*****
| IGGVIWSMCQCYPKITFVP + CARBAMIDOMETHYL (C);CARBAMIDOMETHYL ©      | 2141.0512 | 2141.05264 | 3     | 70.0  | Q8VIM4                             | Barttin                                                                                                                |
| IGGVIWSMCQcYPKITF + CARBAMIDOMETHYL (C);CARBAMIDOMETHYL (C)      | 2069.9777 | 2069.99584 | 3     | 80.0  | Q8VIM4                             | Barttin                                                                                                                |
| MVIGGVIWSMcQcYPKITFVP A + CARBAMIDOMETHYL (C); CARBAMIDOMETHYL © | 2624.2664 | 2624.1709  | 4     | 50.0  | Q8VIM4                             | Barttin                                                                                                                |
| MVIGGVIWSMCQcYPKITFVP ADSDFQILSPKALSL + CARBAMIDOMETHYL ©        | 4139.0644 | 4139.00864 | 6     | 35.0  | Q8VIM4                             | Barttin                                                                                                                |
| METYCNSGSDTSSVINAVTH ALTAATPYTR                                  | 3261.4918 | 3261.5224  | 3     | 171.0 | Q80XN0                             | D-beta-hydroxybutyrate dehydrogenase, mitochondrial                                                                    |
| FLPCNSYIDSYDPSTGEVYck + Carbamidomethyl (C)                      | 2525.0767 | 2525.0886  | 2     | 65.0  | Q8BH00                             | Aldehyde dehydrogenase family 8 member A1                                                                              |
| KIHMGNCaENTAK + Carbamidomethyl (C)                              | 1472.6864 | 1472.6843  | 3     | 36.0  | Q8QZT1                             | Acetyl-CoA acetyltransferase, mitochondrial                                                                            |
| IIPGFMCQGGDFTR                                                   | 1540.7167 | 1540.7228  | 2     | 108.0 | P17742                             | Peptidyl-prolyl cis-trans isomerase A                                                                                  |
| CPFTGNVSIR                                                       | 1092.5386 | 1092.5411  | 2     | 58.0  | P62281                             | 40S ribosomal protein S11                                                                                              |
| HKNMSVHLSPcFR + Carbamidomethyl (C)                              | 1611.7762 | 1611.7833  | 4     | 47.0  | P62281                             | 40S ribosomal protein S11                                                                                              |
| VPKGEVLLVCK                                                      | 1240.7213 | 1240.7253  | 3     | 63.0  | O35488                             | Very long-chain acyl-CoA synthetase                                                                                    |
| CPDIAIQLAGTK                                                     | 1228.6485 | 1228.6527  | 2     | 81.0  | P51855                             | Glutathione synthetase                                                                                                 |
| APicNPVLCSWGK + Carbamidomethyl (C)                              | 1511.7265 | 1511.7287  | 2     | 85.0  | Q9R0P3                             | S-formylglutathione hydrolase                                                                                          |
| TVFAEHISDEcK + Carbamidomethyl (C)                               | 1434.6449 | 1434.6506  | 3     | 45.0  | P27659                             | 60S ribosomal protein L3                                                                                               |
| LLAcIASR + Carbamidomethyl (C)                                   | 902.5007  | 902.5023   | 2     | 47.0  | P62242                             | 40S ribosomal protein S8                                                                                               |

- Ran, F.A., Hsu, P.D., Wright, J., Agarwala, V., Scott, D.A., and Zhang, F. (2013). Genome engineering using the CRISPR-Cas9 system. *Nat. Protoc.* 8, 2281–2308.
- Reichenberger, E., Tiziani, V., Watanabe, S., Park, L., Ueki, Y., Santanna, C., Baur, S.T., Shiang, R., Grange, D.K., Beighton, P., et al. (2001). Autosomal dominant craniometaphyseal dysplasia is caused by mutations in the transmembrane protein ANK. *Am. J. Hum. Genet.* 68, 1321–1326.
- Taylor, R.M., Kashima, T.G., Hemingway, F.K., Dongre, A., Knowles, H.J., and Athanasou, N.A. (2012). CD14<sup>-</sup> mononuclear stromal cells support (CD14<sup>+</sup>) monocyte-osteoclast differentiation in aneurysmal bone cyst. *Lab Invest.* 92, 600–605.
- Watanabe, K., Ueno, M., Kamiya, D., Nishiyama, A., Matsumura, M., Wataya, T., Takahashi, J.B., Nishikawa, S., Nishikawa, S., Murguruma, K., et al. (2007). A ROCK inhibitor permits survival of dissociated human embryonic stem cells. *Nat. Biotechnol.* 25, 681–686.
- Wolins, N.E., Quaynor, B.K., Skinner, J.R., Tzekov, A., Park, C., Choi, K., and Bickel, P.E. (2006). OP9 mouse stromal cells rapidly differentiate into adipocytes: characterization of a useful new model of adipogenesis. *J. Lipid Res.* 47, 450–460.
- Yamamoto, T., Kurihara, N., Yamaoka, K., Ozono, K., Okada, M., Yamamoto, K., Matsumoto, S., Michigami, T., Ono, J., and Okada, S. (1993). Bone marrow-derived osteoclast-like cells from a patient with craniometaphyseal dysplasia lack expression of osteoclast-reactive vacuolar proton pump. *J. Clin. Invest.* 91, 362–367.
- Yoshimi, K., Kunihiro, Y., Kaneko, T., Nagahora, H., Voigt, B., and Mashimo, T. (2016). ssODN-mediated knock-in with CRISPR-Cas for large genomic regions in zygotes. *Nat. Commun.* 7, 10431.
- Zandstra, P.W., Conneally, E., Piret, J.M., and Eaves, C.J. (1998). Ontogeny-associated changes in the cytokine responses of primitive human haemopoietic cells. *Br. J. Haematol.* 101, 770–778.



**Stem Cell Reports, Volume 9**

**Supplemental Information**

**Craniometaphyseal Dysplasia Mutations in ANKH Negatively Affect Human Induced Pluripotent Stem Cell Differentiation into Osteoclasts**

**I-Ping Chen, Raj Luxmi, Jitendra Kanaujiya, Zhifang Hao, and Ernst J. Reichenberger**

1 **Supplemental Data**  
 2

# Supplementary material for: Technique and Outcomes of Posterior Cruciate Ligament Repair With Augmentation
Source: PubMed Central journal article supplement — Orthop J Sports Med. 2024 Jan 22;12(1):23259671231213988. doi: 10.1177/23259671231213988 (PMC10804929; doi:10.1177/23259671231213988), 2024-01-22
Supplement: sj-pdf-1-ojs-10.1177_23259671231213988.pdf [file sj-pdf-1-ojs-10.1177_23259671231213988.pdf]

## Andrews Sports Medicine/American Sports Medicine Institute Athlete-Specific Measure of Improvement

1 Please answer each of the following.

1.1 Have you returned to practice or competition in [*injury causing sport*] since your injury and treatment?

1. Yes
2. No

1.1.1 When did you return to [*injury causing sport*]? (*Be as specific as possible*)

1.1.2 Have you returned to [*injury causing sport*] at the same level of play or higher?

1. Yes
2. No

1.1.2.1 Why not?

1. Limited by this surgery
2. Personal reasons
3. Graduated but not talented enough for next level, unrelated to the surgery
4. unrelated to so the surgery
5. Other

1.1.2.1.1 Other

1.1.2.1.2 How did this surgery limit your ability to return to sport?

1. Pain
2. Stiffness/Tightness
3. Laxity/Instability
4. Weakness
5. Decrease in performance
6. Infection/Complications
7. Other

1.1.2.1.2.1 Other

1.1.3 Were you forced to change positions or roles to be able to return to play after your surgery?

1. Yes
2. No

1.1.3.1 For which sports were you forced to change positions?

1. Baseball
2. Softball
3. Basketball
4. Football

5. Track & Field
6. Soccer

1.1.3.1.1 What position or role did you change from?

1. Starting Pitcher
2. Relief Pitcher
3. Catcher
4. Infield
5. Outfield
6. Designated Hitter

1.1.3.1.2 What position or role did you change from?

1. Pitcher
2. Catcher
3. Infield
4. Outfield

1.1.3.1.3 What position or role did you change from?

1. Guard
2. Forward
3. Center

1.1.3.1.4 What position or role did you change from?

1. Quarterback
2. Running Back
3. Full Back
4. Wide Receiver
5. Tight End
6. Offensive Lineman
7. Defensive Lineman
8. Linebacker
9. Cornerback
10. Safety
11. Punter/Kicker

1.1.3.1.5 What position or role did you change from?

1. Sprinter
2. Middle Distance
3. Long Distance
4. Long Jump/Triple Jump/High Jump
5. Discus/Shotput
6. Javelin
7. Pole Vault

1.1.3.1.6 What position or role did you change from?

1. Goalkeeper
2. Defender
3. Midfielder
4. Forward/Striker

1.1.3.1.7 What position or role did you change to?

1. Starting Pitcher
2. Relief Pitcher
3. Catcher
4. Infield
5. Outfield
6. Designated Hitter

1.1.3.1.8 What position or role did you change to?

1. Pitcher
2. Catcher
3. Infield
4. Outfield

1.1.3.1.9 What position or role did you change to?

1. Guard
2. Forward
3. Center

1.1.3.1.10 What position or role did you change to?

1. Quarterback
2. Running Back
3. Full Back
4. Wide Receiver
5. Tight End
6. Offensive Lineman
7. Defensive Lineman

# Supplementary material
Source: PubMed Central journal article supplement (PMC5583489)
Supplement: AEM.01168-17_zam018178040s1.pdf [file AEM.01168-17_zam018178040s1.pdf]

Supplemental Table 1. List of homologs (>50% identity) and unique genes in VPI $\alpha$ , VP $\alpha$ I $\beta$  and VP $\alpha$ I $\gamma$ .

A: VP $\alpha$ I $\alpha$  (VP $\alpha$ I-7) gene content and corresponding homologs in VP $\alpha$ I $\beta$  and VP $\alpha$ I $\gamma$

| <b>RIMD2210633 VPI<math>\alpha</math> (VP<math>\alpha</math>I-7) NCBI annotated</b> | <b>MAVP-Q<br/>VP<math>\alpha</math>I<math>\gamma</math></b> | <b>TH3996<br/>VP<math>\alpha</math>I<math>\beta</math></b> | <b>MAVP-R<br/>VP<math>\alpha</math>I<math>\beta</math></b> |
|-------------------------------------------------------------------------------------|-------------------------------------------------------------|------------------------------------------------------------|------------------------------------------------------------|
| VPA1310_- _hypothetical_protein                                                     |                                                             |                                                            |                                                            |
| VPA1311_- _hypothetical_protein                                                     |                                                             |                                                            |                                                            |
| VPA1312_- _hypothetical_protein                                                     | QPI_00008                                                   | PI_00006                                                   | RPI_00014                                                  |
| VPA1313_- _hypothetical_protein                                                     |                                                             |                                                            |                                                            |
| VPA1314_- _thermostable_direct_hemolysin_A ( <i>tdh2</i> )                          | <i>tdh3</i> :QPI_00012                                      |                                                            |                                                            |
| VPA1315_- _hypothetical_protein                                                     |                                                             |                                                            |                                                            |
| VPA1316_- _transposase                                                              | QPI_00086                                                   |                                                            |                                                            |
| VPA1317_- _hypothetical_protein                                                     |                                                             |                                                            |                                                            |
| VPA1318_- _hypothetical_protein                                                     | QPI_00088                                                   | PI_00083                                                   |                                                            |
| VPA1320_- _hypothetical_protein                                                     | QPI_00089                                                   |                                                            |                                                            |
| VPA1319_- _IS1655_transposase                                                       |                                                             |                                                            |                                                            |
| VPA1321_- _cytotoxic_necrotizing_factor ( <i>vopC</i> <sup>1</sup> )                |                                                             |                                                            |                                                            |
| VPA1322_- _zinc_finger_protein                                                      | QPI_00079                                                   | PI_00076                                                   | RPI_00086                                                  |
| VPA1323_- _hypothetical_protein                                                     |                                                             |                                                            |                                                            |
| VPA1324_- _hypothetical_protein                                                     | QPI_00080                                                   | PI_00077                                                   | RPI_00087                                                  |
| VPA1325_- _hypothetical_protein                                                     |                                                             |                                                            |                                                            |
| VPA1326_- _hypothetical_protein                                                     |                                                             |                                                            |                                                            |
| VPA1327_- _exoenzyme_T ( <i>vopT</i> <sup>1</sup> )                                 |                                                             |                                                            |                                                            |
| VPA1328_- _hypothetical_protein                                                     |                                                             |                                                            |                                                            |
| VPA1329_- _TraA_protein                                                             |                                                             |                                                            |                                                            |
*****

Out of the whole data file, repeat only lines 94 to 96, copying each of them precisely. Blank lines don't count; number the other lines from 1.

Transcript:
10. Safety
11. Punter/Kicker

1.1.3.1.5 What position or role did you change from?